Victorian Poets, Volume 1
Houghton, Mifflin, 1901 - 521 pages
This is a reproduction of a book published before 1923. This book may have occasional imperfections such as missing or blurred pages, poor pictures, errant marks, etc. that were either part of the original artifact, or were introduced by the scanning process. We believe this work is culturally important, and despite the imperfections, have elected to bring it back into print as part of our continuing commitment to the preservation of printed works worldwide. We appreciate your understanding of the imperfections in the preservation process, and hope you enjoy this valuable book. ++++ The below data was compiled from various identification fields in the bibliographic record of this title. This data is provided as an additional tool in helping to ensure edition identification: ++++ Victorian Poets: Revised, And Extended, By A Supplementary Chapter, To The Fiftieth Year Of The Period Under Review, Volume 2; Victorian Poets: Revised, And Extended, By A Supplementary Chapter, To The Fiftieth Year Of The Period Under Review; Edmund Clarence Stedman Edmund Clarence Stedman Printed at the Riverside Press, 1887 English poetry; Poets, English
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Alfred Tennyson Arnold artist Aspasia Atalanta Aurora Leigh ballads Barry Cornwall beauty blank-verse Browning Browning's Byron career Chartist classical composed composition critical death diction dramatic early effect emotion English Enone epic essays excellence expression faculty feeling genius gift grace Greek heart heroic Homer Hood Hood's humor ideal idyllic imagination influence intellect Joanna Baillie Keats Lady of Shalott Landor language later Laureate Laureate's Leigh Hunt less literary literature manner master mediæval melody metrical minor modern nature never passages passion Pericles period pieces Pippa Passes poem poet's poetic poetry Poets of Amer Pre-Raphaelite Procter production prose recent rhymes romance Rossetti Scholar Gipsy seems sentiment Shelley singer song sonnets soul spirit stanzas style sweet Swinburne Swinburne's taste Tennyson theme Theocr Theocritus things thought tion tive true verse Victorian voice volume Wordsworth writings written youth
Page 227 - Arise to thee; the children call, and I Thy shepherd pipe, and sweet is every sound, Sweeter thy voice, but every sound is sweet; Myriads of rivulets hurrying thro' the lawn, The moan of doves in immemorial elms. And murmuring of innumerable bees.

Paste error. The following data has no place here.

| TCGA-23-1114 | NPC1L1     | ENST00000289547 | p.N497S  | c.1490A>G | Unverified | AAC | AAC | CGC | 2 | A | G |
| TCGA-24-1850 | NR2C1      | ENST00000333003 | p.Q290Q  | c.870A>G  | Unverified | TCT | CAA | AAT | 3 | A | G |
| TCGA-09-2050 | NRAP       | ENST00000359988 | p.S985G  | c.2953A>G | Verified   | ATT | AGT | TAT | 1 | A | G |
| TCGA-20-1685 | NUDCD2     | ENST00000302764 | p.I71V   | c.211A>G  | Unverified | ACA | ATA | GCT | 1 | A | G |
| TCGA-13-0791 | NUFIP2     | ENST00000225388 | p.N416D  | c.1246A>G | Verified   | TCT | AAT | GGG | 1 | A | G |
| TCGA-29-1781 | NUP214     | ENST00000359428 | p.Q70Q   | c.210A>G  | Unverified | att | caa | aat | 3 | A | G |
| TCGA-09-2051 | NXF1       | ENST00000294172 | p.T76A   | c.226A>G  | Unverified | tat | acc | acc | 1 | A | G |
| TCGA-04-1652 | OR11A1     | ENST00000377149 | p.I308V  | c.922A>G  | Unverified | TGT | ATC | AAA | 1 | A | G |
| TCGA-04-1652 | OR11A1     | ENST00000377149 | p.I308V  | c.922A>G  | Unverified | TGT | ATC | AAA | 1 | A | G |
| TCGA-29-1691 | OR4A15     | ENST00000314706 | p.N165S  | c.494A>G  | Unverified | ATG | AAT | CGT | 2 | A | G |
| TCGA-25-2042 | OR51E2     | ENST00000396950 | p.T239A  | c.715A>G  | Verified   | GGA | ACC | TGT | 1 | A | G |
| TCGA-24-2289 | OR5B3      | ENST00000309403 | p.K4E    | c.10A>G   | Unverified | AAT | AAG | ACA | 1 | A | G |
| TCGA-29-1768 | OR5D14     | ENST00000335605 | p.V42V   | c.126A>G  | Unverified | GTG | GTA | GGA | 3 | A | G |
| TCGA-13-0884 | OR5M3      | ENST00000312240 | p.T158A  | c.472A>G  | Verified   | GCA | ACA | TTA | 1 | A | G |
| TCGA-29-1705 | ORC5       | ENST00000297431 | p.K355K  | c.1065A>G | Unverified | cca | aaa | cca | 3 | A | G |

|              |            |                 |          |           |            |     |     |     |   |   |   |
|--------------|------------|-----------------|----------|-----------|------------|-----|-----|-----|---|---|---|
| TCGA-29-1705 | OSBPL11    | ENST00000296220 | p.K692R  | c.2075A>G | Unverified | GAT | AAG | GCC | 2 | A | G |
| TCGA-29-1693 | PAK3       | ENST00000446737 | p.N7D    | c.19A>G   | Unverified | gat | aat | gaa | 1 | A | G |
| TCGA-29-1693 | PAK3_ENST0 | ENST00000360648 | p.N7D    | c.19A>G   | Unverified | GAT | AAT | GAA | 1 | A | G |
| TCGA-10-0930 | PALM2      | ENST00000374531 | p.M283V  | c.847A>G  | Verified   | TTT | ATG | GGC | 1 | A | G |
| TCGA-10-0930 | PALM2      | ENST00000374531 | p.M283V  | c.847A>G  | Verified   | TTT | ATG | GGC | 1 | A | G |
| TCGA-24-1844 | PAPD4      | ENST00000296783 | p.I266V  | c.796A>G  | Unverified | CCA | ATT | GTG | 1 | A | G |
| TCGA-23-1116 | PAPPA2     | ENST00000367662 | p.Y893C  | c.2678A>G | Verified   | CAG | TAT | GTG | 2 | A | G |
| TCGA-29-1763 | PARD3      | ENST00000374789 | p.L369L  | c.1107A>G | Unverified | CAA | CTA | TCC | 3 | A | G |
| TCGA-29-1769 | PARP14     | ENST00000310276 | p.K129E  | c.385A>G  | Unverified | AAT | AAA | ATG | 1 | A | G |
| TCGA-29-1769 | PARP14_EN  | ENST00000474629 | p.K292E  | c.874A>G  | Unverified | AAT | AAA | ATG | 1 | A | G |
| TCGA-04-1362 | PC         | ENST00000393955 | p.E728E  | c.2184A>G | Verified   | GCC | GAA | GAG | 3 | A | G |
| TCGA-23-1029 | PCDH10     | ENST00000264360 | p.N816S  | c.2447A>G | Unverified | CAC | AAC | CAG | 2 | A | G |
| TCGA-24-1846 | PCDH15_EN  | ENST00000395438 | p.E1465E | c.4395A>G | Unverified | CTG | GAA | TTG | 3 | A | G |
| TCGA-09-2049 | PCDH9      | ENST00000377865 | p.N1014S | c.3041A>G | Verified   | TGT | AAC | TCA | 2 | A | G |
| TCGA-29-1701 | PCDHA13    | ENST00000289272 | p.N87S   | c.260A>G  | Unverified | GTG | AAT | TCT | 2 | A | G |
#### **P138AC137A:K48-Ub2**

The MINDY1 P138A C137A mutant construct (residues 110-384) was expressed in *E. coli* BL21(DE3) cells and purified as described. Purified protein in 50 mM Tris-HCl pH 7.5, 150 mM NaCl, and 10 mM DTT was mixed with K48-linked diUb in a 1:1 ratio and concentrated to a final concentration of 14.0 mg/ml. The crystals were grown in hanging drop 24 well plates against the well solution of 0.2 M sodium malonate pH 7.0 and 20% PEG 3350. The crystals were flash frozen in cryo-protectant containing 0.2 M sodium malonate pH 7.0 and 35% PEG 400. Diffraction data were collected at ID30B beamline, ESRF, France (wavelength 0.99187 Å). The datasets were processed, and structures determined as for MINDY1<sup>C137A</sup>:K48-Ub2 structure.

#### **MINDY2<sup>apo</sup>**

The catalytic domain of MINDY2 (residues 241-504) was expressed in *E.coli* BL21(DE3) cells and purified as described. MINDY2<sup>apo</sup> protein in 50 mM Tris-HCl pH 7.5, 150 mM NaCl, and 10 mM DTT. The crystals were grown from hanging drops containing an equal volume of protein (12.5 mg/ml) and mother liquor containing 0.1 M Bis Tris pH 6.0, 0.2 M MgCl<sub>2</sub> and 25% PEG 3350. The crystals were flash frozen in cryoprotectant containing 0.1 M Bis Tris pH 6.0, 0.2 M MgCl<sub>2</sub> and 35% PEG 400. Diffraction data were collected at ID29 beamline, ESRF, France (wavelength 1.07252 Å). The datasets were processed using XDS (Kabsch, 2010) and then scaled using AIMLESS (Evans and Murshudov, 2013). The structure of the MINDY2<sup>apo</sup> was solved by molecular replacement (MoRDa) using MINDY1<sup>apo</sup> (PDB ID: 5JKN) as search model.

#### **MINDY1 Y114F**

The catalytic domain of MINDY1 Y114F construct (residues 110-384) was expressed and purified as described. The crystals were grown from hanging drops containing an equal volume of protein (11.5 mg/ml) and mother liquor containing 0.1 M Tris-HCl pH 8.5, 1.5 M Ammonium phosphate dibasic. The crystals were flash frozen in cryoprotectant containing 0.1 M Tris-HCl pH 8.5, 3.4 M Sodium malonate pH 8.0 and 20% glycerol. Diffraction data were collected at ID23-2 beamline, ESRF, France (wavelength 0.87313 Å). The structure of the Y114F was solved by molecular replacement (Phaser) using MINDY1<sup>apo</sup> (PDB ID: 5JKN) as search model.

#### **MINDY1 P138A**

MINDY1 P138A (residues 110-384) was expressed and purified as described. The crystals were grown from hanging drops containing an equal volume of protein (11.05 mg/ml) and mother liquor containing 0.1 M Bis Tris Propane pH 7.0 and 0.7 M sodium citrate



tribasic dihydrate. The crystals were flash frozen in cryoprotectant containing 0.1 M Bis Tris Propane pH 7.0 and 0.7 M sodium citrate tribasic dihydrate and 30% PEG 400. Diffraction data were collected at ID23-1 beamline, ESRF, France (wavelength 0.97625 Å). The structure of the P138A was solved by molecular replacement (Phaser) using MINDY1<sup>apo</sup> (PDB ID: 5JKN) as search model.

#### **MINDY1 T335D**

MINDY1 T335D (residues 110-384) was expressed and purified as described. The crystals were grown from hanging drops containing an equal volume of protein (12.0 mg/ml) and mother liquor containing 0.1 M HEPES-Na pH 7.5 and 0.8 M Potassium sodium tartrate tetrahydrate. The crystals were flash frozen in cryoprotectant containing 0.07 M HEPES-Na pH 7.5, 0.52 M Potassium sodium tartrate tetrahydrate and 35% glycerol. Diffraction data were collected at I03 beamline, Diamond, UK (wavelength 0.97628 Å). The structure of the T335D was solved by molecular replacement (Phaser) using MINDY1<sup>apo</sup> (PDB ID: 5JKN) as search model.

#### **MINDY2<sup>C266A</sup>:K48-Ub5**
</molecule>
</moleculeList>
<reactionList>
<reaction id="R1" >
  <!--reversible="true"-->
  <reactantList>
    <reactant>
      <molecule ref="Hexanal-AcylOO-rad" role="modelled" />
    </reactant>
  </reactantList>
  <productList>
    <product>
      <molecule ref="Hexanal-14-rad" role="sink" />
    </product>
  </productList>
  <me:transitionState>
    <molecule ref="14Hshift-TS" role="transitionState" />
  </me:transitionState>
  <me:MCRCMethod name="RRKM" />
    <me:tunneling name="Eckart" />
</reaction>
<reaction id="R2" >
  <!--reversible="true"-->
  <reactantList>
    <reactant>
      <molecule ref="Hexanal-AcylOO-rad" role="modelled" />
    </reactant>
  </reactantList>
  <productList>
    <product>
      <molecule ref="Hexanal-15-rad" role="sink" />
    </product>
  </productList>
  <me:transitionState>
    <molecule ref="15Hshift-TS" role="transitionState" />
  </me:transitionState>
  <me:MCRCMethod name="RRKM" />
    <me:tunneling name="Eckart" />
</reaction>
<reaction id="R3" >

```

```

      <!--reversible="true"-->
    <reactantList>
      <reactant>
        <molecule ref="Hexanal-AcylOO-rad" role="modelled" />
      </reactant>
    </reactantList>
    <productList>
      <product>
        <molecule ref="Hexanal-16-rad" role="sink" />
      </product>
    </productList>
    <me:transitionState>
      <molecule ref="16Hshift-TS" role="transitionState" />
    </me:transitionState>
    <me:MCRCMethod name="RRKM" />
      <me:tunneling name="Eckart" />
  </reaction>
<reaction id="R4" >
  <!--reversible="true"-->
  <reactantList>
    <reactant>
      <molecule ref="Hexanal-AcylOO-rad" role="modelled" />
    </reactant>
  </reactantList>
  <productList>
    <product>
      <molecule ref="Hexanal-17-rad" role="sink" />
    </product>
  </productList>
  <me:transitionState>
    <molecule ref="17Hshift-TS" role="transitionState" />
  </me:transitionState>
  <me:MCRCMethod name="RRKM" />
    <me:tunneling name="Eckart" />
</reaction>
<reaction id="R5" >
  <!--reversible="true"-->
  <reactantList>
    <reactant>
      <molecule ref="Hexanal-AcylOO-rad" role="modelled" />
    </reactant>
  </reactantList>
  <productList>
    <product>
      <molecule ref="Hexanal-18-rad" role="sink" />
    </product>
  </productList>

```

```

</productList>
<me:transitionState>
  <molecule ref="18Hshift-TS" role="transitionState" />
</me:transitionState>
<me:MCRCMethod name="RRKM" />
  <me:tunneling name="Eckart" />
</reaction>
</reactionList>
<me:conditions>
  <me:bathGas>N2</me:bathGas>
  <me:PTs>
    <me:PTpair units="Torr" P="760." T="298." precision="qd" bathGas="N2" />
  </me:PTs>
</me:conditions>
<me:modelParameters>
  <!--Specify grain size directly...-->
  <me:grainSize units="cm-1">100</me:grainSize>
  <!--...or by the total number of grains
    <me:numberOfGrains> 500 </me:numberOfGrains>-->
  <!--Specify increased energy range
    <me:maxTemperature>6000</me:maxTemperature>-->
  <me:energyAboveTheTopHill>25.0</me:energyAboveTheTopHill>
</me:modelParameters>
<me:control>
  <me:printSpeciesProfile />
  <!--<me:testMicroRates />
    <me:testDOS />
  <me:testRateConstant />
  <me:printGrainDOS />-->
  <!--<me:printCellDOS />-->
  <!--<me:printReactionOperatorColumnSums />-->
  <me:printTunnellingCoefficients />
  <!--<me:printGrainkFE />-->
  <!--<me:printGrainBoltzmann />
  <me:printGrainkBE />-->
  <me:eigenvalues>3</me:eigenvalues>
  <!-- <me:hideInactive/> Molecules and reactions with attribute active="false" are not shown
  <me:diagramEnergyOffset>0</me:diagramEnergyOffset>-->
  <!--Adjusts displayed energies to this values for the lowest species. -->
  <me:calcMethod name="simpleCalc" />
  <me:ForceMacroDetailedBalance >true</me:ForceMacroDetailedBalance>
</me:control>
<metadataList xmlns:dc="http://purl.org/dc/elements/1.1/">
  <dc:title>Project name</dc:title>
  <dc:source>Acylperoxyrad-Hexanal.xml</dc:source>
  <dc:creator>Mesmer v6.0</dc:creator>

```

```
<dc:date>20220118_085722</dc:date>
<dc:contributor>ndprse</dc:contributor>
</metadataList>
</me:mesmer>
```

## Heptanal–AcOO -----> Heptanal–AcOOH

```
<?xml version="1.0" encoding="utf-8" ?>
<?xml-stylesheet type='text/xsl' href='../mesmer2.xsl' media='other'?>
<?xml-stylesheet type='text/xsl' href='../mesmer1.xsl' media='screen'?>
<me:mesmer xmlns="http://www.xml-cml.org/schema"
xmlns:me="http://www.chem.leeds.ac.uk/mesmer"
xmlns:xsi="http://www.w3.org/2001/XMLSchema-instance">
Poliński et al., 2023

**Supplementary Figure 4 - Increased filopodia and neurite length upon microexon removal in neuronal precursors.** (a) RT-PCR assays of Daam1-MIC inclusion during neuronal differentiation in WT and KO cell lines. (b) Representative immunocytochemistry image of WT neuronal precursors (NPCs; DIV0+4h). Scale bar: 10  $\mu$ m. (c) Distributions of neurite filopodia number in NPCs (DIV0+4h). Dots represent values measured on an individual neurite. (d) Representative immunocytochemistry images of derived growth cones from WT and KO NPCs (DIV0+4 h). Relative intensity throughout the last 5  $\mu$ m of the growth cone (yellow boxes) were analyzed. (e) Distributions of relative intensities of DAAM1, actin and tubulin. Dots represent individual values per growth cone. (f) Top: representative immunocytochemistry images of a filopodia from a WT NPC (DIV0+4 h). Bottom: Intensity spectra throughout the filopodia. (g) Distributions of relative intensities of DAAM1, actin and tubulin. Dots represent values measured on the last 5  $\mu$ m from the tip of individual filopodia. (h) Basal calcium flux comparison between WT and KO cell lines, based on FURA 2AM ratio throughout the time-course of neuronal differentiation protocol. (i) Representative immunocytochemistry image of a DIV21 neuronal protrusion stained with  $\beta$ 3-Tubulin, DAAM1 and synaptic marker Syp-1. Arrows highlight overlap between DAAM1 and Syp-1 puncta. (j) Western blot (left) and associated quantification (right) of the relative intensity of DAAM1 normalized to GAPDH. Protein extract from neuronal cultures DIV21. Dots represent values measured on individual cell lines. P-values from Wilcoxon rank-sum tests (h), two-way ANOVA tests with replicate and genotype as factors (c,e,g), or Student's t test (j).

Page 328 - Hark! where my blossomed pear-tree in the hedge Leans to the field and scatters on the clover Blossoms and dewdrops — at the bent spray's edge That's the wise thrush; he sings each song twice over, Lest you should think he never could recapture The first fine careless rapture!
Page 94 - Brimming, and bright, and large ; then sands begin To hem his watery march, and dam his streams, And split his currents; that for many a league The shorn and...
Page 260 - I knew a very wise man so much of Sir Chr — 's sentiment, that he believed if a man were permitted to make all the ballads, he need not care who should make the laws of a nation.
Page 332 - If you choose to play ! — is my principle. Let a man contend to the uttermost For his life's set prize, be it what it will! The counter our lovers staked was lost As surely as if it were lawful coin : And the sin I impute to each frustrate ghost Is, the unlit lamp and the ungirt loin, Though the end in sight was a vice, I say.
Page 323 - More than I merit, yes, by many times. But had you - oh, with the same perfect brow, And perfect eyes, and more than perfect mouth, And the low voice my soul hears, as a bird The fowler's pipe, and follows to the snare Had you, with these the same, but brought a mind!
Page 329 - Hobbs hints blue, — straight he turtle eats : Nobbs prints blue, — claret crowns his cup : Nokes outdares Stokes in azure feats, — Both gorge. Who fished the murex up ? What porridge had John Keats...
Page 110 - I love (oh! how I love) to ride On the fierce, foaming, bursting tide, When every mad wave drowns the moon, Or whistles aloft his tempest tune, And tells how goeth the world below, And why the south-west blasts do blow. I never was on the dull, tame shore, But I loved the great Sea more and more...
Page 194 - The remotest discoveries of the chemist, the botanist, or mineralogist, will be as proper objects of the poet's art as any upon which it can be employed, if the time should ever come when these things shall be familiar to us, and the relations under which they are contemplated by the followers of these respective sciences shall be manifestly and palpably material to us as enjoying and suffering beings.
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Original Copy:Plagiarism and Originality in Nineteenth-Century Literature ...
No preview available - 2007